"Oh, I know! I know!" cried Dot, perilously balancing a spoonful of mush and milk on the way to her mouth, in midair. "It was in 1492 at Thanksgiving time, and the Pilgrim Fathers found it first. So they called it Plymouth Rock—and you've got some of their hens in your hen-yard, Ruthie."

"My goodness!" gasped Agnes, after she had laughed herself almost out of her chair over this. "These primary minds are like sieves, aren't they? All the information goes through, while the mis-information sticks."

"Huh!" said Tess, vexed for the moment. "You needn't say anything, Aggie. You told us George Washington was born in 1778 and teacher gave me a black mark on that."

As that week progressed and the cold weather continued, a really wonderful structure was raised on the Parade Ground opposite the main door of the Milton High School. The boys called it the snow castle and a reporter for the Post wrote a piece about it even before it was finished.

Boys of all grades, from the primary up, had their "fingers in the pie"; for the very youngest could roll big snowballs on the smooth lawns of the Parade at noon when the sun was warm, and draw them to the site of the castle on their sleds after school was over for the day.

The bigger boys built up the walls, set in the round windows of ice, which were frozen each night in washtubs and brought carefully to the castle. The doorway was a huge arch, with a sheet of ice set in at the top like a fanlight over an old-fashioned front door. A flat roof was made of planks, with snow shoveled upon them and tramped down.

Several pillars of fence rails were set up inside to keep the roof from sagging; then the castle was swept out, the floor smoothed, and the girls were allowed to enter.

It was a fine, big snowhouse, all of forty feet long and half as wide. It was as large as a small moving picture place.

Somebody suggested having moving pictures in it—or a magic lantern show, but Joe Eldred, one of the bigger high school boys, whose father was superintendent of the Milton Electric Lighting Company, had a better idea than that.

On Thursday, when the castle was all finished, and the Post had spoken of it, Joe went to his father and begged some wire and rigging, and the boys chipped in to buy several sixty-watt lamps.

Joe Eldred was a young electrician himself, and Neale O'Neil aided him, for Neale seemed to know a lot about electric lighting. When his mates called him "the circus boy," Neale scowled and said nothing, but he was too good-natured and polite to refuse to help in any general plan for fun like this now under way.

Joe got a permit from Mr. Eldred and then they connected up the lamps they had strung inside the castle and at the entrance, with the city lighting cables.

At dusk that Thursday evening, the snowhouse suddenly burst into illumination. The sheets of clear ice made good windows. Christmas greens were festooned over the entrance, and around the walls within.

After supper the boys and girls gathered in and about the snow castle; somebody brought a talking machine from home and played some dance records. The older girls, and some of the boys, danced.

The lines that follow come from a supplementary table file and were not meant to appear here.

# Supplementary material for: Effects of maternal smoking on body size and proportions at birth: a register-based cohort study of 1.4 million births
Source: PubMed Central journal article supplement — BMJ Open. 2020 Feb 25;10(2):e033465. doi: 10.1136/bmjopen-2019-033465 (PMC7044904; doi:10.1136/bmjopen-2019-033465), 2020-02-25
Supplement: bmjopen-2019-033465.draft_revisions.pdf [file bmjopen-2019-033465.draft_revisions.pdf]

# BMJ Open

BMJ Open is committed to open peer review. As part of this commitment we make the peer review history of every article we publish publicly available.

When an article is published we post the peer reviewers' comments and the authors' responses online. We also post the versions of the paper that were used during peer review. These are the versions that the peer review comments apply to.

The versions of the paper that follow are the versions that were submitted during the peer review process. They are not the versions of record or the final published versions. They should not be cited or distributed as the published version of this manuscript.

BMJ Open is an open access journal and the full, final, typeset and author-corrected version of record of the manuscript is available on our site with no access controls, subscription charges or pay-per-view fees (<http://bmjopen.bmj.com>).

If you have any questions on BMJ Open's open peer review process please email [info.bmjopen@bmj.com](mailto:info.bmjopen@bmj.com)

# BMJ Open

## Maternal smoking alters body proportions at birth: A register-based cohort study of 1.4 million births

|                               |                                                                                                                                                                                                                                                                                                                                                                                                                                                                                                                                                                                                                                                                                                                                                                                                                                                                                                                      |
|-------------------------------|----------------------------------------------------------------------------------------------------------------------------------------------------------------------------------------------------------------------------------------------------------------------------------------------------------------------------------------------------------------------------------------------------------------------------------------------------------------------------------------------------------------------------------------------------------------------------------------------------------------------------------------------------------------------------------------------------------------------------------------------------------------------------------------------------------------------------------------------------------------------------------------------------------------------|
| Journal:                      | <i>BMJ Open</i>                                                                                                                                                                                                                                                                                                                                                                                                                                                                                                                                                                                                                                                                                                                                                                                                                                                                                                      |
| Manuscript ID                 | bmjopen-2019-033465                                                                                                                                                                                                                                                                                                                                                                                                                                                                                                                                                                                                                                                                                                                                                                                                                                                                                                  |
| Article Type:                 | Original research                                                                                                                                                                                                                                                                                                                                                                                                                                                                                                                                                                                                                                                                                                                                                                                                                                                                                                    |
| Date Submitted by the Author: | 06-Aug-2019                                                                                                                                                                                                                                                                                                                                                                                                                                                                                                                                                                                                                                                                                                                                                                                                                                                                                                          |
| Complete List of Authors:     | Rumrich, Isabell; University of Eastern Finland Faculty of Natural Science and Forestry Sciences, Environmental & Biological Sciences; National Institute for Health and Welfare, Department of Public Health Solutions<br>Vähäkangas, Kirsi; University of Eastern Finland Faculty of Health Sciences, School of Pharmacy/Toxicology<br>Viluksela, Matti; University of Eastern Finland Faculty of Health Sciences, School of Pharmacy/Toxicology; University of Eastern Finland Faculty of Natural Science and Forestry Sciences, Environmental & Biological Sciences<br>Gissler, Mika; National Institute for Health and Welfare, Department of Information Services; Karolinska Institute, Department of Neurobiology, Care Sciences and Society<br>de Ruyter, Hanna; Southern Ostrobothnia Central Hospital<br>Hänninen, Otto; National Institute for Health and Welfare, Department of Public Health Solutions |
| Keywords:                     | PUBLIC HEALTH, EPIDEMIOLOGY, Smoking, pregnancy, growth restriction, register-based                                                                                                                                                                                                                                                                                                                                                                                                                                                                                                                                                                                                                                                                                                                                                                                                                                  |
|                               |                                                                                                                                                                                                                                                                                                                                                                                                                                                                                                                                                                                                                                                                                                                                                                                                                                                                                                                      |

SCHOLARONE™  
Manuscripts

But the castle was not ornate enough to suit the builders. The next day they ran up a false-front with a tower at either side. These towers were partly walled with ice, too, and the boys illuminated them that night.

Saturday the boys were busier than ever, and they spread broadcast the announcement of a regular "ice-carnival" for that evening.

After the crowd had gone away on Friday night, a few of the boys remained and flooded the floor of the castle. This floor was now smoothly frozen, and the best skaters were invited to come Saturday night and "show off."

By evening, too, the battlements of the castle had been raised on all four sides. At each corner was a lighted tower, and in the middle of the roof a taller pinnacle had been raised with a red, white, and blue star, in colored electric bulbs, surmounting it.

Milton had never seen such an exhibition before, and a crowd turned out—many more people than could possibly get into the place at once. There was music, and the skating was attractive. Visitors were allowed in the castle, but they were obliged to keep moving, having to walk down one side of the castle, and up the other, so as to give those behind a chance to see everything.

The Corner House girls had thought the enchanted castle (for so it looked to be from their windows at home) a very delightful object. Ruth and Agnes went up after supper on Saturday evening, with their skates.

Both of them were good skaters and Neale chose Aggie to skate with him in the carnival. Joe Eldred was glad to get Ruth. Carrie and Lucy Poole were paired off with two of the big boys, and they were nowhere near as good skaters as Trix Severn.

Yet Trix was neglected. She had to go alone upon the ice, or skate with another girl. There was a reason for this neglect that Trix could not appreciate. Boys do not like to escort a girl who is always "knocking" some other girl. The boys declared Trix Severn "carried her hammer" wherever she went and they steered clear of her when they wanted to have a good time.

Every time Agnes and Neale O'Neil passed Trix Severn upon the ice, she was made almost ill with envy!



That cold spell in January was a long one. The young folk of Milton had plenty of sledding, and some skating. But the snow-ice on Milton Pond was "hubbly" and not nice to skate on, while there were only a few patches of smooth ice anywhere in town.